Whoever shall resist, obstruct, or oppose any officer as defined in s. 943.10(1), (2), (3), (6), (7), (8), or (9); member of the Parole Commission or any administrative aide or supervisor employed by the commission; county probation officer; parole and probation supervisor; personnel or representative of the Department of Law Enforcement; or other person legally authorized to execute process in the execution of legal process or in the lawful execution of any legal duty, without offering or doing violence to the person of the officer, shall be guilty of a misdemeanor of the first degree, punishable as provided in s. 775.082 or s. 775.083.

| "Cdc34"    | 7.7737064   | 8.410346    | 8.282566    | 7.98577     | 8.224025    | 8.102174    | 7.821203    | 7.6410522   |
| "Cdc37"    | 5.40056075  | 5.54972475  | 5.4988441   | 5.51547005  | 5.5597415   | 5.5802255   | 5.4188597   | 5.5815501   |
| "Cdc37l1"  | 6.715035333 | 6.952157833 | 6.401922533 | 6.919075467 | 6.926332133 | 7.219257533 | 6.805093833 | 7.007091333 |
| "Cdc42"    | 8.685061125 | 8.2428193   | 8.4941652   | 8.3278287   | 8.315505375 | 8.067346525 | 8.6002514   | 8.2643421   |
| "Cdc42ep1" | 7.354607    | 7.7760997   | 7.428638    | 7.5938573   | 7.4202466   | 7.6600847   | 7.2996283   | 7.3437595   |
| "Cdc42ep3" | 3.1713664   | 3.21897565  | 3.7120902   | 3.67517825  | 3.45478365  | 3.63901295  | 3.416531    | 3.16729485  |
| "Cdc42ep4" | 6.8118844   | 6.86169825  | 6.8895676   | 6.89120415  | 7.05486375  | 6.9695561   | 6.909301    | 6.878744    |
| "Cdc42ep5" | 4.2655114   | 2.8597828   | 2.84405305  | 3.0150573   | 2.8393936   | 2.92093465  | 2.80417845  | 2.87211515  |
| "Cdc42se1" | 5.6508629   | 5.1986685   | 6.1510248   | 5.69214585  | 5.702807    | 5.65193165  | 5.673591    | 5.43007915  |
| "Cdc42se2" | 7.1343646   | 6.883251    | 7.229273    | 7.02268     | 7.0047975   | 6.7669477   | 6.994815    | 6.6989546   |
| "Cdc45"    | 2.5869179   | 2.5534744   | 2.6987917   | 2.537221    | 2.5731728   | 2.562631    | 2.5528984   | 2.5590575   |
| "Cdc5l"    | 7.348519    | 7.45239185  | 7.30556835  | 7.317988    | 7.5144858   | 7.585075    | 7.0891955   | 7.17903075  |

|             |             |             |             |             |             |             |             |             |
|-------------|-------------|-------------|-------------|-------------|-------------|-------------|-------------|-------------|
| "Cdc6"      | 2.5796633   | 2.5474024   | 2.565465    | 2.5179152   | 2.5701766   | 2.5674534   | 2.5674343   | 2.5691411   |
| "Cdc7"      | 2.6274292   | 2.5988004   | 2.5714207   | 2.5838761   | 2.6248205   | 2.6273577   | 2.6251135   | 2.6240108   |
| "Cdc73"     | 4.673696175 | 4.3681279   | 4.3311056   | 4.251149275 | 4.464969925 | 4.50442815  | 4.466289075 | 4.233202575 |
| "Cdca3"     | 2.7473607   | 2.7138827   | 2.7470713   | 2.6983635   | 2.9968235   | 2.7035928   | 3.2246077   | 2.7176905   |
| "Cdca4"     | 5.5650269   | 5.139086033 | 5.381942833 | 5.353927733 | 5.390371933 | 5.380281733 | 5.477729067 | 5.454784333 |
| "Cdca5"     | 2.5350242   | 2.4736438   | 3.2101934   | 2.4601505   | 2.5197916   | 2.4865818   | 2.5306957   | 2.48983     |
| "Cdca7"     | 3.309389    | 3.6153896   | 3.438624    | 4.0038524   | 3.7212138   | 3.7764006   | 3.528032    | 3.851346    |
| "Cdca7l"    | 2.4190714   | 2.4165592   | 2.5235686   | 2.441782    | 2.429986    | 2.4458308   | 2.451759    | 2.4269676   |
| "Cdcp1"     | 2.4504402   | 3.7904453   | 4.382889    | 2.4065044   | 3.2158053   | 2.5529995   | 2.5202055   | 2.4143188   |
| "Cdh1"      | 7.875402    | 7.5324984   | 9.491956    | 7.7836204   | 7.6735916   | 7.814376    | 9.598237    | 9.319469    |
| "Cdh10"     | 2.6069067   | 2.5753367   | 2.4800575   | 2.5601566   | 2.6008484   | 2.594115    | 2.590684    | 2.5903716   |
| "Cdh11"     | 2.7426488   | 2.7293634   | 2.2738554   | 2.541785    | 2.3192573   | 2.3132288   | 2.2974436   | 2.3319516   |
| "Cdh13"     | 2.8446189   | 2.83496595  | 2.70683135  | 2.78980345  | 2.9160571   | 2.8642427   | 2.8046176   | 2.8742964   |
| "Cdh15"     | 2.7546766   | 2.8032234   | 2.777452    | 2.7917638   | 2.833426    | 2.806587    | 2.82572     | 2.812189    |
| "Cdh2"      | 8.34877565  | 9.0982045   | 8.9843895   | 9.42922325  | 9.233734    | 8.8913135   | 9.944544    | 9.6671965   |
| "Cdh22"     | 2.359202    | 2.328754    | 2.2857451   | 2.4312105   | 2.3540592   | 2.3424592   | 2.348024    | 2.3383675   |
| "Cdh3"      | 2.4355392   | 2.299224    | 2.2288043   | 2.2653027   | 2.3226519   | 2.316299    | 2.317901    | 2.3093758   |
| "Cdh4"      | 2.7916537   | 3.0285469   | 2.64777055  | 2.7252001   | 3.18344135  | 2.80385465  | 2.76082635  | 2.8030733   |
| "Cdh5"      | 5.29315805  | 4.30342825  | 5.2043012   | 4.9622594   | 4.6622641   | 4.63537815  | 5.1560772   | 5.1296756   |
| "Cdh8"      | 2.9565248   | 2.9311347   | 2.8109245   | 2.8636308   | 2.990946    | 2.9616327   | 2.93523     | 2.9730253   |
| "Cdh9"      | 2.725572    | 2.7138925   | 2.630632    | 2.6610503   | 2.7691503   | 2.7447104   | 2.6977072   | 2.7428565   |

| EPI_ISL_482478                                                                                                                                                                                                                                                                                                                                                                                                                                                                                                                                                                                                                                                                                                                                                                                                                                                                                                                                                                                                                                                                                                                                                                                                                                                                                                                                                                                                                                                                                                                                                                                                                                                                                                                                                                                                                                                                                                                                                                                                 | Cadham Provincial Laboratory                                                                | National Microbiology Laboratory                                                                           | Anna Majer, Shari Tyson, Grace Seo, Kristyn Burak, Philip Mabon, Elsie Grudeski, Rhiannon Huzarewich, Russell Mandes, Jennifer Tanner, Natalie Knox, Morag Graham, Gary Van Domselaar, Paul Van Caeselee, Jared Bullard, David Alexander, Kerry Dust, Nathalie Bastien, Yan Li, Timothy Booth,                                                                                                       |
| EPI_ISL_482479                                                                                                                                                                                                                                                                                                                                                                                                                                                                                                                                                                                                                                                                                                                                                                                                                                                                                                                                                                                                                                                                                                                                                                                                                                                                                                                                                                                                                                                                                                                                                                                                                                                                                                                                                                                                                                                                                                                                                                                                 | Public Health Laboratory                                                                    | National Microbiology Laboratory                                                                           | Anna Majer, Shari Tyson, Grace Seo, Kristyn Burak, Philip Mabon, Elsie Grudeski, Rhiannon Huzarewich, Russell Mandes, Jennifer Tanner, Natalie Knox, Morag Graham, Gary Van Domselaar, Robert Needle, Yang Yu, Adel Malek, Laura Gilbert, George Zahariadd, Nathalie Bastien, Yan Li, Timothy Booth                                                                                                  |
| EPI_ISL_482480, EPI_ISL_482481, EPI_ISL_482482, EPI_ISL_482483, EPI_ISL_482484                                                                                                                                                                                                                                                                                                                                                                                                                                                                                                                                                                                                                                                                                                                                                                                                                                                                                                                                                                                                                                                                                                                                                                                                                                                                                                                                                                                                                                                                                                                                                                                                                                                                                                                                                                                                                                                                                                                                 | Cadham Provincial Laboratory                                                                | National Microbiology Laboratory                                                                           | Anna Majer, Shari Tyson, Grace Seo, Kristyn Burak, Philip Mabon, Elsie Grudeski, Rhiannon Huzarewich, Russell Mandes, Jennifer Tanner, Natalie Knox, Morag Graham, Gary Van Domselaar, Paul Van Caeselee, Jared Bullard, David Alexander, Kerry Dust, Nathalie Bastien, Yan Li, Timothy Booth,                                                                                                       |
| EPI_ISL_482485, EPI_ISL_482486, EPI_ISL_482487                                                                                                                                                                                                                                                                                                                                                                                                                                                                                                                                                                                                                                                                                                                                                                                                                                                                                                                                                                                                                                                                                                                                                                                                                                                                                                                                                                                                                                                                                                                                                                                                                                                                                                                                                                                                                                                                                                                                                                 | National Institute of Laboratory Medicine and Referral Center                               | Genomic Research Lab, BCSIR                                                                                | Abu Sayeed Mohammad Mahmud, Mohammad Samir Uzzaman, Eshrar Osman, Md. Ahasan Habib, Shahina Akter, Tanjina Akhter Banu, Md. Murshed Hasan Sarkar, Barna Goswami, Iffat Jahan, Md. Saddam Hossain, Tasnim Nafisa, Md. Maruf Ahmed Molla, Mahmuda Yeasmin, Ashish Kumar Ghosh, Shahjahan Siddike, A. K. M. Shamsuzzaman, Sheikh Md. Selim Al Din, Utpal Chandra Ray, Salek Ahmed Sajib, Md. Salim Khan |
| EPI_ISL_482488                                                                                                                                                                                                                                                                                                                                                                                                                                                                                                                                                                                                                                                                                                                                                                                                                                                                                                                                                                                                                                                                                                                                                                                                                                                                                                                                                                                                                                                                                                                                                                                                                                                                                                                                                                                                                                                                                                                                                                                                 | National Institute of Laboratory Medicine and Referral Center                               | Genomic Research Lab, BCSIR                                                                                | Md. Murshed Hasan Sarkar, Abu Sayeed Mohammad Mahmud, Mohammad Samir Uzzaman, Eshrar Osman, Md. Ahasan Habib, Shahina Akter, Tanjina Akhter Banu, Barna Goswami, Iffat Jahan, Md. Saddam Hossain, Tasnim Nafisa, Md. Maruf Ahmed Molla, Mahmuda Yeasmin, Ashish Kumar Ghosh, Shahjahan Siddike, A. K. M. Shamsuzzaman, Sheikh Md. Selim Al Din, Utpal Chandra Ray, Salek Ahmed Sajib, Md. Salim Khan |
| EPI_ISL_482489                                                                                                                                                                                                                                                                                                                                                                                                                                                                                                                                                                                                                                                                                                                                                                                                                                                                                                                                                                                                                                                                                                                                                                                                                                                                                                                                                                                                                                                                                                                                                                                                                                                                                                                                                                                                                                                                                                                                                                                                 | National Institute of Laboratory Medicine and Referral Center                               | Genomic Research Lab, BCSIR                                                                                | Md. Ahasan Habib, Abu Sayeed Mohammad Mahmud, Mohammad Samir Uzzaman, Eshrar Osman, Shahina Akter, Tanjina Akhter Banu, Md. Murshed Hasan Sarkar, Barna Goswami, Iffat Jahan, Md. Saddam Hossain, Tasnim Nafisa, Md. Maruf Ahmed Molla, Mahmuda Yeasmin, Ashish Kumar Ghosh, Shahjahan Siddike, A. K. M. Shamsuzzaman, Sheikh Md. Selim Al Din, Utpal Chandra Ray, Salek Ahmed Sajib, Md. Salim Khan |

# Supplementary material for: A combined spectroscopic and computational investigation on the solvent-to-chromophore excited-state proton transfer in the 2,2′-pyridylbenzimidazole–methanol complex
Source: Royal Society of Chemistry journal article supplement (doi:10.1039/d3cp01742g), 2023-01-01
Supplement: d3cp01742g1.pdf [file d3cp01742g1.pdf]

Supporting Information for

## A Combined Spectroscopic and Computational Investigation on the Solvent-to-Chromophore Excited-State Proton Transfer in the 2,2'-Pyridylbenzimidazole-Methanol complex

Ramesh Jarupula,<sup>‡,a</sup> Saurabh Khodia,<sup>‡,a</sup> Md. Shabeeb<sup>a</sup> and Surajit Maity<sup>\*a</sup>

brboyer
October 12, 2009, 10:44 AM
bolding is mine ianal

843.02 Resisting officer without violence to his or her person.—

Whoever shall resist, obstruct, or oppose any officer as defined in s. 943.10(1), (2), (3), (6), (7), (8), or (9); member of the Parole Commission or any administrative aide or supervisor employed by the commission; county probation officer; parole and probation supervisor; personnel or representative of the Department of Law Enforcement; or other person legally authorized to execute process in the execution of legal process or in the lawful execution of any legal duty, without offering or doing violence to the person of the officer, shall be guilty of a misdemeanor of the first degree, punishable as provided in s. 775.082 or s. 775.083.
That does not fly.